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Victory in Europe» Forums » Strategy

Subject: restrictions on soviets rss

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daron slaybaugh
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have not found it so has anyone found anymore on any soviet restrictions on the soviets DOW on the german's early
 
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Rick Westerman
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The only "restriction", as it were, is that the units in the Urals are not released until 1942. Also, don't forget that the Soviets are actually rather weak at the start. Their units are not very strong -- the strong units can only be built starting in '42 with or without DOW -- and they don't have a leader. This should keep them from doing much damage to the Germans.

But as for a rule restriction ... there is none.

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Michael Dworkin
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The other 'restriction' is that the number of expected Command Points is very low for the Allies through all of 40, 41, and 42, and still rather low through 43 and until 44 begins. Putting Command points into offensives in Russia with low-grade units will leave the Western Allies without the logistics (Command Points) to do "important things."

What kind of "important things" might the Brits and US do with those Command Points? Well, strategic moves -- particularly shipping some armies to the Middle East at a cost of 2 Commands, or reinforcements in battles, or counter offensives in the Med, or naval attacks to clear sea lanes and protect convoys.

All in all, the combination of quality restraints and Command Point limits adds up to VERY ELEGANT portrayal of reality, where the 'restraints' are driven by replications of reality and not by special rules.
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daron slaybaugh
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yes all very valid points. factor in the german leaders and their command points they can lure the soviets in and cripple the soviets without actualy entering soviet territory to triger the ural entry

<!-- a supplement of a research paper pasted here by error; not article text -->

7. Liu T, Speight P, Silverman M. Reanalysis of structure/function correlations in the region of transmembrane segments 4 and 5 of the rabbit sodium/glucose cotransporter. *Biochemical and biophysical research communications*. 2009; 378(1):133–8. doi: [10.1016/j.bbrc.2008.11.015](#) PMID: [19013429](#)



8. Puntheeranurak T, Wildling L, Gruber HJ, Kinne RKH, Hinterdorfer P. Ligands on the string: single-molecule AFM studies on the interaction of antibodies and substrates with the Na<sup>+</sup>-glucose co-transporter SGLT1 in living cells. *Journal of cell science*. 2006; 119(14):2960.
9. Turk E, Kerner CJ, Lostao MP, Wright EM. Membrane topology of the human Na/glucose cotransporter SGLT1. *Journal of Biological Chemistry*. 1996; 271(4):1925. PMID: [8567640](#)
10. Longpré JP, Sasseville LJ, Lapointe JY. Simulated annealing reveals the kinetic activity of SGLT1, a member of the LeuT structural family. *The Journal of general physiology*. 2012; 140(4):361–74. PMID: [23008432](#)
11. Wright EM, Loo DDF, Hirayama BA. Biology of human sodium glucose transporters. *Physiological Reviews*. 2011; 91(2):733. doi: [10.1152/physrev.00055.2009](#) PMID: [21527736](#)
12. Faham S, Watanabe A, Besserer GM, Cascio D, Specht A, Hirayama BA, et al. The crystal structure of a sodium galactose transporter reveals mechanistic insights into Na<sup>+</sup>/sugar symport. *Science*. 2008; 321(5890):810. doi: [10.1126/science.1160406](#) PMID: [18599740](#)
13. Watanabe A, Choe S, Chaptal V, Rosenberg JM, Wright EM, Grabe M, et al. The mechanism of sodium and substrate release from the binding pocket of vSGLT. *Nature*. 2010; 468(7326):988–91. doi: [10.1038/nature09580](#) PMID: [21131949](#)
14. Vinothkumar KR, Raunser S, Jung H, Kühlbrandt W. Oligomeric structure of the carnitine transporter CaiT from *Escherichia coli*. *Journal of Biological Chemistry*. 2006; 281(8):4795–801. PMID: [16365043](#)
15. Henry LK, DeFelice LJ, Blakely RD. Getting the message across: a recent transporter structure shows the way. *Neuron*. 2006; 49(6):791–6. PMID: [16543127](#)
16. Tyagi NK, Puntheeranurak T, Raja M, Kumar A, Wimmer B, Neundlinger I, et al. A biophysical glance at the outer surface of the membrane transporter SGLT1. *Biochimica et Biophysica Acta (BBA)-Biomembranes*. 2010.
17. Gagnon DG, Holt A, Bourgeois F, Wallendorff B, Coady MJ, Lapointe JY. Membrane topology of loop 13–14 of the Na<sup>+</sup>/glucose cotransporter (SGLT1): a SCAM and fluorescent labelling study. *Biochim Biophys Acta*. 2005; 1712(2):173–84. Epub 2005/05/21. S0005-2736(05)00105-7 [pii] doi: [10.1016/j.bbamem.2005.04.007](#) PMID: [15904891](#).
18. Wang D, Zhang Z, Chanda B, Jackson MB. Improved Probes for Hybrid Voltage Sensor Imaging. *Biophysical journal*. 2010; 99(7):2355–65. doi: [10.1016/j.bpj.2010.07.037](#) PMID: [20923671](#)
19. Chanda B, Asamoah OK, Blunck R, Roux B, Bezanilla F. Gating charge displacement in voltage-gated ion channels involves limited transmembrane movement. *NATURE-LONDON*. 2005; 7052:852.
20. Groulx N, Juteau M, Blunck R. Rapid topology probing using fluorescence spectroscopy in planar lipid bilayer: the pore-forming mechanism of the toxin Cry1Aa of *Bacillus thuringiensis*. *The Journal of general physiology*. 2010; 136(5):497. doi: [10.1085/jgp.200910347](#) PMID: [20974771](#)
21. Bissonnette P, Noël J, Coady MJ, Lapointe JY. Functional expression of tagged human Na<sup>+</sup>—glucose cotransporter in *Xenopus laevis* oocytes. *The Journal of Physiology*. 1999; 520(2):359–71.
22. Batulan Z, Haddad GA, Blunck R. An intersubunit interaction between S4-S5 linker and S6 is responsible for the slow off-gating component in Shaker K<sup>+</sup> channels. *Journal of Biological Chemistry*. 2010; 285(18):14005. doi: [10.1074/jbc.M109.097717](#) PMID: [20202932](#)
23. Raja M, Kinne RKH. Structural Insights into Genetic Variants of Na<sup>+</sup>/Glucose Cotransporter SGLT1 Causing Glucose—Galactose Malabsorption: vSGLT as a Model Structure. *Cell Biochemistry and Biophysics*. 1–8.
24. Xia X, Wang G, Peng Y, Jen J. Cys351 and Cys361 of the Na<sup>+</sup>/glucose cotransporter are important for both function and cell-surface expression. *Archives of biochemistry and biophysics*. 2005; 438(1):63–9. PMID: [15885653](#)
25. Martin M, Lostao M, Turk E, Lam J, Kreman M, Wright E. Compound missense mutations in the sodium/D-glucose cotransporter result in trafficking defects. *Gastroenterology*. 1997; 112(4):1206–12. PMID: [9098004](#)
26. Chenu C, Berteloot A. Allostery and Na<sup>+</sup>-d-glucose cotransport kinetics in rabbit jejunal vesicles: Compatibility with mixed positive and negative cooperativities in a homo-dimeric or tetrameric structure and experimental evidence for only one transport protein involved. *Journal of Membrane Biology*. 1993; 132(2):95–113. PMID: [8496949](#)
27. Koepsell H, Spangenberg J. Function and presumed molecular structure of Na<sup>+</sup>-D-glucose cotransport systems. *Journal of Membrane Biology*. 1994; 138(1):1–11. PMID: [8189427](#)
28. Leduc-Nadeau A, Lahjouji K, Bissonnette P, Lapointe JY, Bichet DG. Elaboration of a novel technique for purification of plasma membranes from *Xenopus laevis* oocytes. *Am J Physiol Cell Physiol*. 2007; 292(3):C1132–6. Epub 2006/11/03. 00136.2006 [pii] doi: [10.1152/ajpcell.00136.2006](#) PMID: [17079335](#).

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Interesting line of reasoning.

Personally, it doesn't seem reasonable that when the US and Soviets enter the war, no additional command points are available, especially in a three-player game. To me it would have made more sense that each major power would instead contribute their own cards and command points as they join the war rather than increasing the card values as the game progresses.

Rule shark: What if the Soviet Union doesn't send units into Latvia/Estonia and the Allies manage to land a unit there? The Soviets cannot attack it, and the Germans only at the cost of a DoW against the Soviet Union, right? ;-)

 
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Michael Dworkin
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In response to Dieter's comment,
I've thought about the question of whether to add more Command Points when more nations enter the Alliance.
I've concluded that the current game rules do not need to be changed for that purpose.

Three reasons drive me on this...

1) in game terms, the pacing and tempo seem to work well as is.
2) the need to balance Western vs Russian use of CP ... and US versus British .. reflects a real-world tension.
3) in ViE, there IS a ramp-up in Command Points after Russia and the US enter the war. It is quite large and it shows up in the higher command point on the event cards and in the higher expected annual CP for 1943 (slightly) and 1944 (hugely)

Historically, Roosevelt had to directly over-ride US production planning and US military preferences, right up to the Marshall level, in order to divert US planes to Britain and US trucks and tanks to Russia. Then, later, the decision to go ahead with D Day was directly related to deferring (lowering) the levels of support to Russian offensives via Murmansk and Persia.

Underlying this, of course is that, when the US or RU entered the war, they could bringing more troops and more production...but they really coucln't devote more logistics than they already did in the immediate pre-war period.....at least not at any faster pace than the ramp up of Command Points in ViE from year to year.